This colored lithograph depicts the second Camp Convalescent, a military camp near Alexandria, built to house soldiers recently released from hospitals, stragglers who had become separated from their units, and men on parole from Confederate prisons. In December 1862, it replaced the first Camp Convalescent, nicknamed “Camp Misery” by its inhabitants. The original camp had only tents, and was constantly lacking adequate supplies of food and fuel for fires. The upper panel of this print depicts the new camp’s wooden barracks. The lower panel presents the camp’s administrative buildings, five of which are arranged in a semicircle. These include, the officer and staff quarters, the soldiers’ library, a church, and the quartermaster and commissary’s offices.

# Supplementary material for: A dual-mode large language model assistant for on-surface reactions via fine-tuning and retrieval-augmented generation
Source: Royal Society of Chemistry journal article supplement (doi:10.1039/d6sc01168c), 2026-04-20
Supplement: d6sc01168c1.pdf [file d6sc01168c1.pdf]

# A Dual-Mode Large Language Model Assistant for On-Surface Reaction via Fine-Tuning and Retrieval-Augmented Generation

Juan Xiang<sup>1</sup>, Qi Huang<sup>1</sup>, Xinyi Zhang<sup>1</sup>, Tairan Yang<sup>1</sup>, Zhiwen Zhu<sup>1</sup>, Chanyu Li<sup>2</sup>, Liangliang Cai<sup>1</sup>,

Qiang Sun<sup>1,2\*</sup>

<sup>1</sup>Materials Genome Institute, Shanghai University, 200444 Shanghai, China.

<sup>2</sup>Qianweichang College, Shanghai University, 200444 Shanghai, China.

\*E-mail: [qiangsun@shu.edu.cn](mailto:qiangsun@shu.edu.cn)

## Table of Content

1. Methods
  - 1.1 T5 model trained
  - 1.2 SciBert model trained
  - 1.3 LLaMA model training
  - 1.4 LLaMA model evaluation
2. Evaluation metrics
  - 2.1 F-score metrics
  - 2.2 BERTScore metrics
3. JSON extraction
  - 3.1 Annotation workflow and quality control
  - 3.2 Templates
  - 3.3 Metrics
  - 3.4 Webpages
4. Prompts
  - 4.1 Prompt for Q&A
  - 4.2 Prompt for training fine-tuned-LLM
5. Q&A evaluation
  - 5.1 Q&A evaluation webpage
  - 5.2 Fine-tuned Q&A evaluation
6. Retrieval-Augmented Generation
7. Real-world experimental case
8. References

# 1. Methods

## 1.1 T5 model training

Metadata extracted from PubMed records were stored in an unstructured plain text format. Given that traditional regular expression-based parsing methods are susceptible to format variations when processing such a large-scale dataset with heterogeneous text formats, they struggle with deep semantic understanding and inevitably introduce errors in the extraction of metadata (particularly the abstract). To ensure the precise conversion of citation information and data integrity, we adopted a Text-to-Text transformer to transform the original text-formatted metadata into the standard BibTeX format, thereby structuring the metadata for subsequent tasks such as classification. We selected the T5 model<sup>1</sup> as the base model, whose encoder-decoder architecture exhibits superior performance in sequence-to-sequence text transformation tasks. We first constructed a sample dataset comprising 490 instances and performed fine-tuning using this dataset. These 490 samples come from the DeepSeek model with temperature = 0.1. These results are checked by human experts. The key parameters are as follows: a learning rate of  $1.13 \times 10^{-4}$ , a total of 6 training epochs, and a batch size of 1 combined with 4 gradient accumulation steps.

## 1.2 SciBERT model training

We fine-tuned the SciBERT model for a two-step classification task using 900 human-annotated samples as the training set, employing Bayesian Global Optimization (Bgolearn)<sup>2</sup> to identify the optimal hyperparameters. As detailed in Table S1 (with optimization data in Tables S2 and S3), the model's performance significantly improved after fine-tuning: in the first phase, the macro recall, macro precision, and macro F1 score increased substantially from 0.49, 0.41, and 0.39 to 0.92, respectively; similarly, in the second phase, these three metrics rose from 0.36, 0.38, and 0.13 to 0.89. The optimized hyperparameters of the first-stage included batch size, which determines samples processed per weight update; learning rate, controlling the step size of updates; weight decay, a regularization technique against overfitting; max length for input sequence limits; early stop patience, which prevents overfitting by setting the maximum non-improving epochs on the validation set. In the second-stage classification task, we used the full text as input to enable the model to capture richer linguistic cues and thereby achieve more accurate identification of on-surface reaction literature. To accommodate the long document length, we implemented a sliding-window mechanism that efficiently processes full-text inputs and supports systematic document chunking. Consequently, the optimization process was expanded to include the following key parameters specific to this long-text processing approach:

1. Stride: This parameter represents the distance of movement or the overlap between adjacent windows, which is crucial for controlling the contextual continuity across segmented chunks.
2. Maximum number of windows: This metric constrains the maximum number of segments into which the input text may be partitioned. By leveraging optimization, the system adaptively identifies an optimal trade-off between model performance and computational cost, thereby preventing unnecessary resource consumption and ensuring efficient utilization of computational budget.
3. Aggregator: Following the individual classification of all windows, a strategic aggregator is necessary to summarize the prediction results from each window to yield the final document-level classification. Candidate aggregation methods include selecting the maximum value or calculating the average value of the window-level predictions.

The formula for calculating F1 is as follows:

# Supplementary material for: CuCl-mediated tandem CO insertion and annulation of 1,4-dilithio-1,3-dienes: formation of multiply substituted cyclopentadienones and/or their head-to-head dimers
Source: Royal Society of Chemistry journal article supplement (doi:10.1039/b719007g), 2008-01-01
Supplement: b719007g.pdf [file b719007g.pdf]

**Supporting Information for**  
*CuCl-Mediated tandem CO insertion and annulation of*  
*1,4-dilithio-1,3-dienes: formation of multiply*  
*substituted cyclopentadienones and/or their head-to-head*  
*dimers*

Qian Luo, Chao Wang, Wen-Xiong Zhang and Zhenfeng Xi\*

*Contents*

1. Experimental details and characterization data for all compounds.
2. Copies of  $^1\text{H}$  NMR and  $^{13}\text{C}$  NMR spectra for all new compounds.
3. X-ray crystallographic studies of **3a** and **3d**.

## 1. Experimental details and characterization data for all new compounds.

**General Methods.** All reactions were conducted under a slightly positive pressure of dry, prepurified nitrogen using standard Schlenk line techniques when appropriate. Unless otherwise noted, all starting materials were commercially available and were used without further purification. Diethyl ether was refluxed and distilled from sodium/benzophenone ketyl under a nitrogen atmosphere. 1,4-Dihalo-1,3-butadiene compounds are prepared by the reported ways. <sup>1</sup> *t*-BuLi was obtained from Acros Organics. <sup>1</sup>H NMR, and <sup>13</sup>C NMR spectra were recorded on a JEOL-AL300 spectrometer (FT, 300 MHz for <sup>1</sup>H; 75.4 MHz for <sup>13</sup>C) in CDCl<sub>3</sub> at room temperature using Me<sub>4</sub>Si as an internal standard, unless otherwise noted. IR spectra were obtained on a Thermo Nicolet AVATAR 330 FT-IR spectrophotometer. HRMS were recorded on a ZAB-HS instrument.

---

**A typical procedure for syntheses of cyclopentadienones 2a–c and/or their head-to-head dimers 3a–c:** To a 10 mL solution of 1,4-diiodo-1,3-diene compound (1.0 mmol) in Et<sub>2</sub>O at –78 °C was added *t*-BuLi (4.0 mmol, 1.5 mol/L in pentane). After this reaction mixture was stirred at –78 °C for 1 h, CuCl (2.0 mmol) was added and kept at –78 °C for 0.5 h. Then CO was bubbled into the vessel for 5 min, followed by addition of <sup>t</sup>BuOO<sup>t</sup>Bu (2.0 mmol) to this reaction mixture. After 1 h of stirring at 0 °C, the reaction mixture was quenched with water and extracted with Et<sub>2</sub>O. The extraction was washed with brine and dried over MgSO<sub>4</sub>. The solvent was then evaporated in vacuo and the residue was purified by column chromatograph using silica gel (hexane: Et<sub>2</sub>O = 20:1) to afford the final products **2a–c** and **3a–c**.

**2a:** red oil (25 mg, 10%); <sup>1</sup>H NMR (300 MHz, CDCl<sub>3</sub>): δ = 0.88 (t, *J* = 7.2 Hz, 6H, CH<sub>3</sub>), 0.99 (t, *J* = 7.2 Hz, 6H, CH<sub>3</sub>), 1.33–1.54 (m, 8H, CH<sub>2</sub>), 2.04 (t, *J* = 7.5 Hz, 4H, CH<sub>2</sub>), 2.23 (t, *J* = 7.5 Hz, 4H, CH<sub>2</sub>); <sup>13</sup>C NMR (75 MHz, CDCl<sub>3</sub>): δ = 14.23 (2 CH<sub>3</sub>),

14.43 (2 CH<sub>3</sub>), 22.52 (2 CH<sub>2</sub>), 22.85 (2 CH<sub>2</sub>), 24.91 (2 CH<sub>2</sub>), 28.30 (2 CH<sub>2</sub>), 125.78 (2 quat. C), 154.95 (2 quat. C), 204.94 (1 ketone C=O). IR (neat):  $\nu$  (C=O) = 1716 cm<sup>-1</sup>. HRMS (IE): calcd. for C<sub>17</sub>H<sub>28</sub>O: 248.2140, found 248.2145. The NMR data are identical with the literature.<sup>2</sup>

Charles Magnus (1826-1900) was born Julian Carl Magnus in Germany and immigrated with his family to New York City sometime between 1848 and 1850. During the 1850s, he learned the printing business while working with his brother on a German language weekly newspaper, the Deutsche Schnellpost. He later began his own lithographer firm, producing city views and commercial letterhead designs. During the Civil War, he designed pro-Union envelopes and illustrated song sheets. The firm’s Washington, D.C. branch also produced small, hand-colored scenes of Union camps and hospitals. Soldiers purchased these picturesque scenes of camp life to send home to calm the worries of anxious family members.
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